Going on my solo hike around Buntzen Lake in BC, Canada was one of the major highlights of my trip. Being alone with your camera and your thoughts should never be underrated or underestimated.
The nice thing about going on a hike in as picturesque of a scene as this one is that there will never be a shortage of pathway shots. The key is to take the shot so that it actually makes sense to the viewer (and to you! ). As you can see, it can be very easy to overwhelm your viewer with a crazy amount of visual stimulants here. It’s your job as the photographer to define what the viewer should focus on. When processing this image, I tried to summon a lot of the conversations that my friend,, and I recently had about utilizing different types of contrasts effectively as a service to your image and to the viewer.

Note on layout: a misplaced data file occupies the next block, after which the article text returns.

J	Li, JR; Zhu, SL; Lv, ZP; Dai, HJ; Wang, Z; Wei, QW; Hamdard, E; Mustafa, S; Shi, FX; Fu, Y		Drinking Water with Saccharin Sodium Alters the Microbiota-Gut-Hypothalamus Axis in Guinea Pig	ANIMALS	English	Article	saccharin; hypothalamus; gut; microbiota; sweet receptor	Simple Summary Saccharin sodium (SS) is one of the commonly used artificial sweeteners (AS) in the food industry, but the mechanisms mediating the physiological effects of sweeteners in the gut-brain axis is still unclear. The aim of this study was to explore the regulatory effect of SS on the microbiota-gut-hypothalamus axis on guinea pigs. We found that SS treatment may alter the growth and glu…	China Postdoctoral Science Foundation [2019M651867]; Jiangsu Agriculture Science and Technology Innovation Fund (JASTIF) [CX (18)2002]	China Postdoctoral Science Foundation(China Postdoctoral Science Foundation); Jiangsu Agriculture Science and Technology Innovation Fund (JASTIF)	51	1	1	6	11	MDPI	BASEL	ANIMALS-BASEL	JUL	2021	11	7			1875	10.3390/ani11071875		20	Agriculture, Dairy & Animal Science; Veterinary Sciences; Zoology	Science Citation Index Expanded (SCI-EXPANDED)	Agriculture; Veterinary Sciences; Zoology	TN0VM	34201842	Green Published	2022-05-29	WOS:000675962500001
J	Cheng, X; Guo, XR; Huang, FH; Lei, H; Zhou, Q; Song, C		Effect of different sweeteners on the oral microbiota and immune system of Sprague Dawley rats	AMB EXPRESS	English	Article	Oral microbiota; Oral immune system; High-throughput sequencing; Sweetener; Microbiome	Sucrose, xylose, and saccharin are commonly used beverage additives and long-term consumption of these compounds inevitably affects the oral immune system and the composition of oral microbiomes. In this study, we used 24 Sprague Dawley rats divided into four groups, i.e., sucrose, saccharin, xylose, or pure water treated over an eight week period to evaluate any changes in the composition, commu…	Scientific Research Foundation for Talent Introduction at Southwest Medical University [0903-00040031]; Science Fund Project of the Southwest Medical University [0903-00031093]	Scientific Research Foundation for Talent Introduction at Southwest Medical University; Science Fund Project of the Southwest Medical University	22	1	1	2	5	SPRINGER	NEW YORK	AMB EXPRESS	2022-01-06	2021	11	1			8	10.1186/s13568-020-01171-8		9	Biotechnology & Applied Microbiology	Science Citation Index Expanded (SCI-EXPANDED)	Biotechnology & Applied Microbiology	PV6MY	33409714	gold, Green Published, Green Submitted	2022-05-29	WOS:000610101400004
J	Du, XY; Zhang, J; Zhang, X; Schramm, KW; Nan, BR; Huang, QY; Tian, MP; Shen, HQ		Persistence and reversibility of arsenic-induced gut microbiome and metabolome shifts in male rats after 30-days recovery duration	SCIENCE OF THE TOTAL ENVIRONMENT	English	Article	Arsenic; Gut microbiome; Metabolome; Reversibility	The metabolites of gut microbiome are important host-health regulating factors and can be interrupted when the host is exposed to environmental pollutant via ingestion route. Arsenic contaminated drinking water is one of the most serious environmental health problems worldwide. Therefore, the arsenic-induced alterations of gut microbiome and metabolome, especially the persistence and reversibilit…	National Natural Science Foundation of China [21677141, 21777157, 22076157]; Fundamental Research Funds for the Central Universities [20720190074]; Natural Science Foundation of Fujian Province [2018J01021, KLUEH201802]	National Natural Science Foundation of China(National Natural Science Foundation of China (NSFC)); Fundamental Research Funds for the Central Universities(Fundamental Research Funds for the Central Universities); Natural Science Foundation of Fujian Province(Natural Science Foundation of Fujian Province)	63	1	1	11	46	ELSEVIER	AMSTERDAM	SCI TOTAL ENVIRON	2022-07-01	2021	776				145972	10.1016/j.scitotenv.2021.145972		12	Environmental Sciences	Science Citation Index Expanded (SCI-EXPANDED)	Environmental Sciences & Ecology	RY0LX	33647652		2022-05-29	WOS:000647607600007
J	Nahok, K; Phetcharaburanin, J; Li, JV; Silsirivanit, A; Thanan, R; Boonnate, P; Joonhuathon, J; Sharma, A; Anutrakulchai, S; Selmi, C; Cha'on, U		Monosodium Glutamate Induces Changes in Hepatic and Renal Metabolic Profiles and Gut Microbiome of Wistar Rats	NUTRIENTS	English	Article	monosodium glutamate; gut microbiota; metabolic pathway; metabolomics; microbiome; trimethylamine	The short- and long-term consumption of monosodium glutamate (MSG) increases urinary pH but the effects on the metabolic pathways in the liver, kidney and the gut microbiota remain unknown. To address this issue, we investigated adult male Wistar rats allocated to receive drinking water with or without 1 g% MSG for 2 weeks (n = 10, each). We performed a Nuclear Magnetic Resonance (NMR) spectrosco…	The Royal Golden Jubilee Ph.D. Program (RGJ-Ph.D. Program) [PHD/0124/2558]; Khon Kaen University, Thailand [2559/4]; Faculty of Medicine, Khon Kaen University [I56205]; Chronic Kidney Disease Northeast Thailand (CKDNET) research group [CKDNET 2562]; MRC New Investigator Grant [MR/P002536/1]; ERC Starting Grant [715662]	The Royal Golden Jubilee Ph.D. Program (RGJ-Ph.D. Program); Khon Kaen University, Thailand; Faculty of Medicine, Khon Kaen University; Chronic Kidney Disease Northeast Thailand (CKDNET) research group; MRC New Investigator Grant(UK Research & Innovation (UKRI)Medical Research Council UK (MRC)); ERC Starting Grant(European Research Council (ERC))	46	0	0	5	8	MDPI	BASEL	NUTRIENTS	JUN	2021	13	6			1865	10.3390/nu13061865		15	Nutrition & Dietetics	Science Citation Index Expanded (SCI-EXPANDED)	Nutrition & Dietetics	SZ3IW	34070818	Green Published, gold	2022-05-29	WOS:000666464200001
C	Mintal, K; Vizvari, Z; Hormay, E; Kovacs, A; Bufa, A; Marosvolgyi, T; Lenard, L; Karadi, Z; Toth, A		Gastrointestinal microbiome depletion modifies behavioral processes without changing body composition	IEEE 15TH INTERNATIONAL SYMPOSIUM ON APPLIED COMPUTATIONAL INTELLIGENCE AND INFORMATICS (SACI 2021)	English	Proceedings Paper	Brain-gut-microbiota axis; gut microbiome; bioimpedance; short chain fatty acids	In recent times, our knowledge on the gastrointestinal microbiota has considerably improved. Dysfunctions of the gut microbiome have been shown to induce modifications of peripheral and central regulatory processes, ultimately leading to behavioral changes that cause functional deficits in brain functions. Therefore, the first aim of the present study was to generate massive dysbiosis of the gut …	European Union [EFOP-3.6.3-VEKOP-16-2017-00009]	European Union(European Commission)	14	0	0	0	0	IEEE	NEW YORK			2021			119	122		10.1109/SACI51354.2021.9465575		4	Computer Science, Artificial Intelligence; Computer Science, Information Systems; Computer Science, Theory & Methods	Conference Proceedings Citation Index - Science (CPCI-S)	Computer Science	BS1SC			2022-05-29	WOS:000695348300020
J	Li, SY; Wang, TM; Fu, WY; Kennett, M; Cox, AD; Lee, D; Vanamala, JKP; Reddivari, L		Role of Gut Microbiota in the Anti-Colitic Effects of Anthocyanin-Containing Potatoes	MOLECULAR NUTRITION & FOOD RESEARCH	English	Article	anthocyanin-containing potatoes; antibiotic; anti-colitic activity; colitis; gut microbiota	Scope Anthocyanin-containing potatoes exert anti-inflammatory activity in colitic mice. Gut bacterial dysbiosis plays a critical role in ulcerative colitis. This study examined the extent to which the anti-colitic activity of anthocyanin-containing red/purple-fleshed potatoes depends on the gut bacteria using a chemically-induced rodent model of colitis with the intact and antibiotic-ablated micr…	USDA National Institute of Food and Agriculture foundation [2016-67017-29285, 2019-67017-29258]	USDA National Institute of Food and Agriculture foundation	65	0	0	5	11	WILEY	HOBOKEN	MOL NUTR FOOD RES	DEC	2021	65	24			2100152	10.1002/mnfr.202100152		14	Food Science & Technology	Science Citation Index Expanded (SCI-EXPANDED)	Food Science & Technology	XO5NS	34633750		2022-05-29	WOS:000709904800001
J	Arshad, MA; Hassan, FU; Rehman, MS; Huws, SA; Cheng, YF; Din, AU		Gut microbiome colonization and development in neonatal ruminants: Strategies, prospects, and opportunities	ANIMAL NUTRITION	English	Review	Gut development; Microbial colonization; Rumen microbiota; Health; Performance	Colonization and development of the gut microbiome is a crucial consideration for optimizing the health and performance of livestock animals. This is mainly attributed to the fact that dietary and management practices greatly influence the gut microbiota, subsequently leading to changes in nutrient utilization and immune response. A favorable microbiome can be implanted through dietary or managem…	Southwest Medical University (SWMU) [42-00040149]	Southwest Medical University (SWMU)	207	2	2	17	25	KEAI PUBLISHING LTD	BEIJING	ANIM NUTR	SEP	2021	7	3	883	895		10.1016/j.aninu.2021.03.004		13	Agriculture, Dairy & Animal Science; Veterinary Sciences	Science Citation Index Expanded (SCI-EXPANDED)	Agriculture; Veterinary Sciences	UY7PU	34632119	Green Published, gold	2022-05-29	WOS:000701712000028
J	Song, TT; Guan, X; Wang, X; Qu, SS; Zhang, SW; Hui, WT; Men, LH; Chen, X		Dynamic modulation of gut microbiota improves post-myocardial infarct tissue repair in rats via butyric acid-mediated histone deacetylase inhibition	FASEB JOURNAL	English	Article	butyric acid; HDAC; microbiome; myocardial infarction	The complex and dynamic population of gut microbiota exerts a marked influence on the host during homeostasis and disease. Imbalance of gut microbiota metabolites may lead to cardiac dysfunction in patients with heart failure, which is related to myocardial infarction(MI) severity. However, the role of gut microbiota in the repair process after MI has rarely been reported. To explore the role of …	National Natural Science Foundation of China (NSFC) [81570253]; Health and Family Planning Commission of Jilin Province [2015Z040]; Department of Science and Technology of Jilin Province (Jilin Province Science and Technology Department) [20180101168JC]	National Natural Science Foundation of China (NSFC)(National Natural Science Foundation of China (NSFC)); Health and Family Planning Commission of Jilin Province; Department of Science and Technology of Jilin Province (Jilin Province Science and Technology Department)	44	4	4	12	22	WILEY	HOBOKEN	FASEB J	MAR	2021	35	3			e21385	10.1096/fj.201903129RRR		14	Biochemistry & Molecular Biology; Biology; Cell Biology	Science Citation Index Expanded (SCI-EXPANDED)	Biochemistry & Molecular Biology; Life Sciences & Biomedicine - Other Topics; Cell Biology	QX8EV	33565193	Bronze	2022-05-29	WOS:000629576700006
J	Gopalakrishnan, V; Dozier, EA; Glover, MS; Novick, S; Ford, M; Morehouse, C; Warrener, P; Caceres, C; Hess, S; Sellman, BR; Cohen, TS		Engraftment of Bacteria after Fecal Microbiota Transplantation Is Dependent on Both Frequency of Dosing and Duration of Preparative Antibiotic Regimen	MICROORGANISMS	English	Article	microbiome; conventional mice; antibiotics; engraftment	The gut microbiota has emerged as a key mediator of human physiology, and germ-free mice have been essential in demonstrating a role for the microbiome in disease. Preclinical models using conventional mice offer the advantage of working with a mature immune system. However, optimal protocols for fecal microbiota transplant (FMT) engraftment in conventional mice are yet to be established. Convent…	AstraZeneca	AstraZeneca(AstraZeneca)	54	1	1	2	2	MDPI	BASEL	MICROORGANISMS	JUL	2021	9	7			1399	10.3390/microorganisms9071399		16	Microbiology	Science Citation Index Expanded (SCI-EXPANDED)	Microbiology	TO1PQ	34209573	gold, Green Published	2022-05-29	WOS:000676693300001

In this shot, I intentionally dimmed the glowing green of the mossy trees and brought out more of the cooler tones of the gravel pathway. I feel that this helps give the viewer’s eyes a defined path to take, albeit a short one. I chose this particular path because I was fond of the way it curved into the madness of the forest, so to speak.
Effective use of color contrast is just one method to create visual logic for your viewer – the key is to be cognizant of what you are trying to achieve when you’re in the field and behind the computer display.
In terms of processing
I did a very slight tone-map process on this shot to wrangle in the highlights beyond the trees and to bring out some of the shadows in the thick forest. Stylization was minimal – I selectively applied a Deep Forest Glow on the foreground trees to accentuate the moss. I also burned most of the image and dodged the path using masking brushes in Perfect Effects 3 by . Final touches were achieved in Lightroom 4.1RC2.